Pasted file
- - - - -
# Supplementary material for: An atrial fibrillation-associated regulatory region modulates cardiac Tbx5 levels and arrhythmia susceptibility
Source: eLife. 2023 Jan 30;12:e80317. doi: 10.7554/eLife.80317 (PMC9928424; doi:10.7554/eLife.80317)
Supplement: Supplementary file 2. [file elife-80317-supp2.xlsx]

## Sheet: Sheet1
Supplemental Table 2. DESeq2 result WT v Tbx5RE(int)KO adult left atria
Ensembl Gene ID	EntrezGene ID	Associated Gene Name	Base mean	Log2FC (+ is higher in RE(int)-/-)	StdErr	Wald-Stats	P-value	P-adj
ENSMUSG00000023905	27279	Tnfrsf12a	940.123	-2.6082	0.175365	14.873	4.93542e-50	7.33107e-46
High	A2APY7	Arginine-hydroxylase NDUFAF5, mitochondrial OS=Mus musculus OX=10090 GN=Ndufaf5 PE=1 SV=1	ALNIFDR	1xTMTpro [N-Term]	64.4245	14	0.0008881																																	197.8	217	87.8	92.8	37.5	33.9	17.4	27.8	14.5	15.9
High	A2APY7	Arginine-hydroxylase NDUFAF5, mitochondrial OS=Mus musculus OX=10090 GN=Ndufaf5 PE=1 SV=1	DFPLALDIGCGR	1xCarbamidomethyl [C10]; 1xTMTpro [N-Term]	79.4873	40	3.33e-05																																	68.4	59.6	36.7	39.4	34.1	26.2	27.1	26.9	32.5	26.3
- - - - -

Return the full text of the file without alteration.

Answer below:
# Supplementary material for: An atrial fibrillation-associated regulatory region modulates cardiac Tbx5 levels and arrhythmia susceptibility
Source: eLife. 2023 Jan 30;12:e80317. doi: 10.7554/eLife.80317 (PMC9928424; doi:10.7554/eLife.80317)
Supplement: Supplementary file 2. [file elife-80317-supp2.xlsx]

## Sheet: Sheet1
Supplemental Table 2. DESeq2 result WT v Tbx5RE(int)KO adult left atria
Ensembl Gene ID	EntrezGene ID	Associated Gene Name	Base mean	Log2FC (+ is higher in RE(int)-/-)	StdErr	Wald-Stats	P-value	P-adj
ENSMUSG00000023905	27279	Tnfrsf12a	940.123	-2.6082	0.175365	14.873	4.93542e-50	7.33107e-46
High	A2APY7	Arginine-hydroxylase NDUFAF5, mitochondrial OS=Mus musculus OX=10090 GN=Ndufaf5 PE=1 SV=1	ALNIFDR	1xTMTpro [N-Term]	64.4245	14	0.0008881																																	197.8	217	87.8	92.8	37.5	33.9	17.4	27.8	14.5	15.9
High	A2APY7	Arginine-hydroxylase NDUFAF5, mitochondrial OS=Mus musculus OX=10090 GN=Ndufaf5 PE=1 SV=1	DFPLALDIGCGR	1xCarbamidomethyl [C10]; 1xTMTpro [N-Term]	79.4873	40	3.33e-05																																	68.4	59.6	36.7	39.4	34.1	26.2	27.1	26.9	32.5	26.3